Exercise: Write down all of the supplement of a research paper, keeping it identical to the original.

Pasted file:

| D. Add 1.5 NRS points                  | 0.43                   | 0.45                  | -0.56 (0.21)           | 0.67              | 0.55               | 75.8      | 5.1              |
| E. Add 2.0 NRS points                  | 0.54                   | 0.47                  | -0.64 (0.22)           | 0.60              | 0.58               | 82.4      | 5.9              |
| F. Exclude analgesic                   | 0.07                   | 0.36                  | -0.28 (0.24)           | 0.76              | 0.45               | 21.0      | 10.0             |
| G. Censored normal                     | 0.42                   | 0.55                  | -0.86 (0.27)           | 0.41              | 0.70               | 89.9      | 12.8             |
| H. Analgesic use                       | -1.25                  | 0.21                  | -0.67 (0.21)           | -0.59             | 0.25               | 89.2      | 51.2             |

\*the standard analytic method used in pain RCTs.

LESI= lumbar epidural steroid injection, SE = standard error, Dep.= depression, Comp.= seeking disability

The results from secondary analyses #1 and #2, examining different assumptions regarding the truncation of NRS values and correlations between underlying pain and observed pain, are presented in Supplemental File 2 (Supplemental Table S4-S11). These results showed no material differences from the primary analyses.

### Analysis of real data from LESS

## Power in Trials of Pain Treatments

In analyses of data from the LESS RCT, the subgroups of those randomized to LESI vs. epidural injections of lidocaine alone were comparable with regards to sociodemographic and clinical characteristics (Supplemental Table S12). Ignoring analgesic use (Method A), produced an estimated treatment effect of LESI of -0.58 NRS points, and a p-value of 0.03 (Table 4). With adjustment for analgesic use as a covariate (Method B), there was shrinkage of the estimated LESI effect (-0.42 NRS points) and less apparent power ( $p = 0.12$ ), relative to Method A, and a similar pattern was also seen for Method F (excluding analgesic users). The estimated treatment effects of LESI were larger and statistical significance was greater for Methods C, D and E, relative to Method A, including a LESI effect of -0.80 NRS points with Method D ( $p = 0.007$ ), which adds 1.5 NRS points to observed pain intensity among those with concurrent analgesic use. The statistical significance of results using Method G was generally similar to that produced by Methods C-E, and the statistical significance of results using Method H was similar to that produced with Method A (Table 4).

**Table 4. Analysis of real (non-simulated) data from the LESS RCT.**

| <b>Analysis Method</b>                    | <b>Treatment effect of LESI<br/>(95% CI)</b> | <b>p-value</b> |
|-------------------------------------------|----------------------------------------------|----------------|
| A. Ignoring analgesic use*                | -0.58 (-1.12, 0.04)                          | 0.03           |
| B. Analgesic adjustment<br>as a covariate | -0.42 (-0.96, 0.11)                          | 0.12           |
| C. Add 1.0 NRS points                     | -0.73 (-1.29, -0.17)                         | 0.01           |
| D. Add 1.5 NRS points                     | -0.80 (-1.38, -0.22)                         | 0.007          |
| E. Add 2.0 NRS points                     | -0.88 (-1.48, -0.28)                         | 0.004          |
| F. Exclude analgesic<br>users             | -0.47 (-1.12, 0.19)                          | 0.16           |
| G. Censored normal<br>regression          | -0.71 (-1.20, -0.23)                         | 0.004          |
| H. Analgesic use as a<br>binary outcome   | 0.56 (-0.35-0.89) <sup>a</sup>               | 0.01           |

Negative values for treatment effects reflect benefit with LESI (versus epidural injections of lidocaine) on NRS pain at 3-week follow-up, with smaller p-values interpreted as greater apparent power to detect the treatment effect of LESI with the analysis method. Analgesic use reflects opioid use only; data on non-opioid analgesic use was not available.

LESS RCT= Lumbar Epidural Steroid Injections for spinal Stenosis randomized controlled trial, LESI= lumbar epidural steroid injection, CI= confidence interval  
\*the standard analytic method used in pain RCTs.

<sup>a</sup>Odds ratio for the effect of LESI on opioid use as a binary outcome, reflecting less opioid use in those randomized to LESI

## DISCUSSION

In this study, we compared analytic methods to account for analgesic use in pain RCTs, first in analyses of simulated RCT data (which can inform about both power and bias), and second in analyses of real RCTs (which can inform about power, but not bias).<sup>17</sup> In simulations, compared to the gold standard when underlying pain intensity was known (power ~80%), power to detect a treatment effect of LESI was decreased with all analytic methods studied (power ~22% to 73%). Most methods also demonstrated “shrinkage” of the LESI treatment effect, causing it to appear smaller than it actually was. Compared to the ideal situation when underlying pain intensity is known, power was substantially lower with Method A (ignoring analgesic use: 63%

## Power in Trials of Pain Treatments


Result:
| D. Add 1.5 NRS points                  | 0.43                   | 0.45                  | -0.56 (0.21)           | 0.67              | 0.55               | 75.8      | 5.1              |
| E. Add 2.0 NRS points                  | 0.54                   | 0.47                  | -0.64 (0.22)           | 0.60              | 0.58               | 82.4      | 5.9              |
| F. Exclude analgesic                   | 0.07                   | 0.36                  | -0.28 (0.24)           | 0.76              | 0.45               | 21.0      | 10.0             |
| G. Censored normal                     | 0.42                   | 0.55                  | -0.86 (0.27)           | 0.41              | 0.70               | 89.9      | 12.8             |
| H. Analgesic use                       | -1.25                  | 0.21                  | -0.67 (0.21)           | -0.59             | 0.25               | 89.2      | 51.2             |

\*the standard analytic method used in pain RCTs.

LESI= lumbar epidural steroid injection, SE = standard error, Dep.= depression, Comp.= seeking disability

The results from secondary analyses #1 and #2, examining different assumptions regarding the truncation of NRS values and correlations between underlying pain and observed pain, are presented in Supplemental File 2 (Supplemental Table S4-S11). These results showed no material differences from the primary analyses.

### Analysis of real data from LESS

## Power in Trials of Pain Treatments

In analyses of data from the LESS RCT, the subgroups of those randomized to LESI vs. epidural injections of lidocaine alone were comparable with regards to sociodemographic and clinical characteristics (Supplemental Table S12). Ignoring analgesic use (Method A), produced an estimated treatment effect of LESI of -0.58 NRS points, and a p-value of 0.03 (Table 4). With adjustment for analgesic use as a covariate (Method B), there was shrinkage of the estimated LESI effect (-0.42 NRS points) and less apparent power ( $p = 0.12$ ), relative to Method A, and a similar pattern was also seen for Method F (excluding analgesic users). The estimated treatment effects of LESI were larger and statistical significance was greater for Methods C, D and E, relative to Method A, including a LESI effect of -0.80 NRS points with Method D ( $p = 0.007$ ), which adds 1.5 NRS points to observed pain intensity among those with concurrent analgesic use. The statistical significance of results using Method G was generally similar to that produced by Methods C-E, and the statistical significance of results using Method H was similar to that produced with Method A (Table 4).

**Table 4. Analysis of real (non-simulated) data from the LESS RCT.**

| <b>Analysis Method</b>                    | <b>Treatment effect of LESI<br/>(95% CI)</b> | <b>p-value</b> |
|-------------------------------------------|----------------------------------------------|----------------|
| A. Ignoring analgesic use*                | -0.58 (-1.12, 0.04)                          | 0.03           |
| B. Analgesic adjustment<br>as a covariate | -0.42 (-0.96, 0.11)                          | 0.12           |
| C. Add 1.0 NRS points                     | -0.73 (-1.29, -0.17)                         | 0.01           |
| D. Add 1.5 NRS points                     | -0.80 (-1.38, -0.22)                         | 0.007          |
| E. Add 2.0 NRS points                     | -0.88 (-1.48, -0.28)                         | 0.004          |
| F. Exclude analgesic<br>users             | -0.47 (-1.12, 0.19)                          | 0.16           |
| G. Censored normal<br>regression          | -0.71 (-1.20, -0.23)                         | 0.004          |
| H. Analgesic use as a<br>binary outcome   | 0.56 (-0.35-0.89) <sup>a</sup>               | 0.01           |

Negative values for treatment effects reflect benefit with LESI (versus epidural injections of lidocaine) on NRS pain at 3-week follow-up, with smaller p-values interpreted as greater apparent power to detect the treatment effect of LESI with the analysis method. Analgesic use reflects opioid use only; data on non-opioid analgesic use was not available.

LESS RCT= Lumbar Epidural Steroid Injections for spinal Stenosis randomized controlled trial, LESI= lumbar epidural steroid injection, CI= confidence interval  
\*the standard analytic method used in pain RCTs.

<sup>a</sup>Odds ratio for the effect of LESI on opioid use as a binary outcome, reflecting less opioid use in those randomized to LESI

## DISCUSSION

In this study, we compared analytic methods to account for analgesic use in pain RCTs, first in analyses of simulated RCT data (which can inform about both power and bias), and second in analyses of real RCTs (which can inform about power, but not bias).<sup>17</sup> In simulations, compared to the gold standard when underlying pain intensity was known (power ~80%), power to detect a treatment effect of LESI was decreased with all analytic methods studied (power ~22% to 73%). Most methods also demonstrated “shrinkage” of the LESI treatment effect, causing it to appear smaller than it actually was. Compared to the ideal situation when underlying pain intensity is known, power was substantially lower with Method A (ignoring analgesic use: 63%

## Power in Trials of Pain Treatments